Front Load Washer
Front Load Washers, as the name suggests, allow users to load their clothes through a door in the front. This comes in handy for those who are not able to have top load washing machines, due to space requirements and/or shelves/cabinets that are directly above the machines. Many people prefer front load washers because they are stackable and because they use less water, when compared to top load washers. Typically, front load washers are a bit more expensive then top load washers, however seeing as they use about 40% less water, your water bill will, over time, offset the price difference.
Top Load Washer
Top Load Washers are washing machines that, as you could guess, are loaded through a door on the top of the machine. Top load washing machines are perfect for those who are less inclined to having to bend over to remove any articles of clothing, as well as for those who prefer a traditional washer style. These machines are less energy efficient because they use more water, when compared to front loading washing machines. When considering a top load washer, keep in mind that they are not stackable, and it is less common to find a top loading dryer. So, if you enjoy a matching esthetic, you may be more inclined to look for a front load washer.
Stacked Washer Dryer Units
Stacked Washer Dryer Units have a washing machine on the bottom and a dryer on the top. These units are connected in the middle and typically are smaller in capacity. Stacked washer dryer units come in both electric and gas, however they typically are only available in the color white. These machines are perfect for homes or apartments that have limited space available.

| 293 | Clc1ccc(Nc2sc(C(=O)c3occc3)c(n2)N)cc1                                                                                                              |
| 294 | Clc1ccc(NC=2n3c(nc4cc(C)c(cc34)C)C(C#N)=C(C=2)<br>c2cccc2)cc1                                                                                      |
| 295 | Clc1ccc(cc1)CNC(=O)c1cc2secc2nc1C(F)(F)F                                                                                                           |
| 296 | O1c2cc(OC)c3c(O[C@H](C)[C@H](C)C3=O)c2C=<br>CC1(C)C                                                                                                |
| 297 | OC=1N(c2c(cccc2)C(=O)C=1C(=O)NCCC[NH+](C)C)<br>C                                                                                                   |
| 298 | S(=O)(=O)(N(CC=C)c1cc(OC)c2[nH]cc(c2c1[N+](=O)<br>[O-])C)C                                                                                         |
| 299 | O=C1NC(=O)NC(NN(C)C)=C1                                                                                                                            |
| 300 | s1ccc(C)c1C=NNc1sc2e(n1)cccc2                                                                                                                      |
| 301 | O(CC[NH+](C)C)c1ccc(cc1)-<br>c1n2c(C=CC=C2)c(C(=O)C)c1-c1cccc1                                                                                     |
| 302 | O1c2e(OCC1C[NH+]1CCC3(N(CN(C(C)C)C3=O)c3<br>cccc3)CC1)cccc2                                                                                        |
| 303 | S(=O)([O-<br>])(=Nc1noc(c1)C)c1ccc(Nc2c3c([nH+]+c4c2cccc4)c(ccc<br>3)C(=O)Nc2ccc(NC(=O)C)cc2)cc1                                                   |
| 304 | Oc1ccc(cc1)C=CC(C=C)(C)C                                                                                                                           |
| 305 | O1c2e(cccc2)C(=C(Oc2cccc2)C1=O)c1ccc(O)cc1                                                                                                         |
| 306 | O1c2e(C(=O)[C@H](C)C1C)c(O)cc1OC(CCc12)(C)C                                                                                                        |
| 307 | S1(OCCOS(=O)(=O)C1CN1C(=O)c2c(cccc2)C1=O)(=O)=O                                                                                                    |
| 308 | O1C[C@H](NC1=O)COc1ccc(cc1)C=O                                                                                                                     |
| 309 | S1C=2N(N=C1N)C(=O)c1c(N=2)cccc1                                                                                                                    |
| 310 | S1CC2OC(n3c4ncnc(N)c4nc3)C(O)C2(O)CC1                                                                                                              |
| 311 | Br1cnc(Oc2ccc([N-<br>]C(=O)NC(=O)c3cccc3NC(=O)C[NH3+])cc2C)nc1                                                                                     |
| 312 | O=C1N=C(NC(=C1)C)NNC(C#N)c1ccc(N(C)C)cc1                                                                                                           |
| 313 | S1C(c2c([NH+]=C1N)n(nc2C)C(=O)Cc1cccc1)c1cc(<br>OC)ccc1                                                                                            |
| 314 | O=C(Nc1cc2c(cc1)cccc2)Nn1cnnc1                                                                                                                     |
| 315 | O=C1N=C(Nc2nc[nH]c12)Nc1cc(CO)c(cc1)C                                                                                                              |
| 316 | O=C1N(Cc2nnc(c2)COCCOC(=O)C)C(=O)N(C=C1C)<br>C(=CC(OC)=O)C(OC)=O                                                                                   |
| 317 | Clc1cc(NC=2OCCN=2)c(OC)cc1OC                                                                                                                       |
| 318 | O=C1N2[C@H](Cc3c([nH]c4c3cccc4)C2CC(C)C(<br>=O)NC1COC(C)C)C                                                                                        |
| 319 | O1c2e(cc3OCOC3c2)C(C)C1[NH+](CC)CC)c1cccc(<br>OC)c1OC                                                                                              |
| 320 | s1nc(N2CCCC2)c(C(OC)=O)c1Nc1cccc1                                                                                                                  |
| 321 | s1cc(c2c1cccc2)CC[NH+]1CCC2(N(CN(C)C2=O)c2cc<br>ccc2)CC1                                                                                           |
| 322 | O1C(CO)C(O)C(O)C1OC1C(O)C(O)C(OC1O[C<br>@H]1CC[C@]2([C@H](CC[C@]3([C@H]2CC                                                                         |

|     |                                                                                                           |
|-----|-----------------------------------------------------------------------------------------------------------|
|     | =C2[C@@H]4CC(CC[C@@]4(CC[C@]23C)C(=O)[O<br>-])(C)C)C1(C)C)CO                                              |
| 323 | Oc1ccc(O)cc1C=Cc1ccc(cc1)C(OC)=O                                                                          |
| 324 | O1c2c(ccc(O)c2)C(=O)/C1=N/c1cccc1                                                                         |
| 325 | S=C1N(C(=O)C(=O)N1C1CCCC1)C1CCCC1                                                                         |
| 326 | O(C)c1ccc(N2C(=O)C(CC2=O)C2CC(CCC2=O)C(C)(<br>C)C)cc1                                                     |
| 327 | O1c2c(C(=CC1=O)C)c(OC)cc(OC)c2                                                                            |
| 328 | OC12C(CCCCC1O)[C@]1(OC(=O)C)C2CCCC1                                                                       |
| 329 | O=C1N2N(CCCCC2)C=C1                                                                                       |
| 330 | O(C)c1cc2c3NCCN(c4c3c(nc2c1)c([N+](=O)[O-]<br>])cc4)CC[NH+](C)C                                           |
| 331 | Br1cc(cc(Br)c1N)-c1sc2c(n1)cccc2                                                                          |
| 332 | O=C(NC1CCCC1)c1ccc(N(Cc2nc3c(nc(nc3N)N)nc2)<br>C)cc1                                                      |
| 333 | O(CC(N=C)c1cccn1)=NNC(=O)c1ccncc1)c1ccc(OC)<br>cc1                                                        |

Commercial Washers are commonly found in apartment building that have shared laundry rooms, as well as in Laundromats. They come in both top and front load styles; however they are typically have limited colors available. The main difference between commercial washers and top or front load washers is that commercial washers are coin operated, and come with a coin machine.
Washer and Dryer Combos
Washer and Dryer Combos combine both washing and drying into one unit that's the same size as a normal washing machine. These machines are perfect for those who have limited space in their homes for two full sized machines. Combo units are only available through few manufacturers, which is why there is a limited selection. Keep in mind these units are not as powerful as standard washers and dryer, so when choosing a combo unit it is necessary to understand your specific needs prior to purchasing.
Things To Consider
Most manufacturers will define the size of the washtub differently. Common terms are "extra large" or "super capacity." When comparing capacity it is best to use the cubic foot measurement to determine the actual size.
The three most commonly used tub materials are porcelain-coated, plastic, and stainless steel. Porcelain can deteriorate if it chips. Many of the higher-end models will use a plastic tub, which generally lasts the life of the machine. The very best models will use a stainless steel tub.
Washing machines have water level settings. Many of the higher end models will offer many more levels to control the amount of water in a machine. A washer using the ideal level of water will be more efficient. Manufacturers recommend using only enough water to cover the clothes.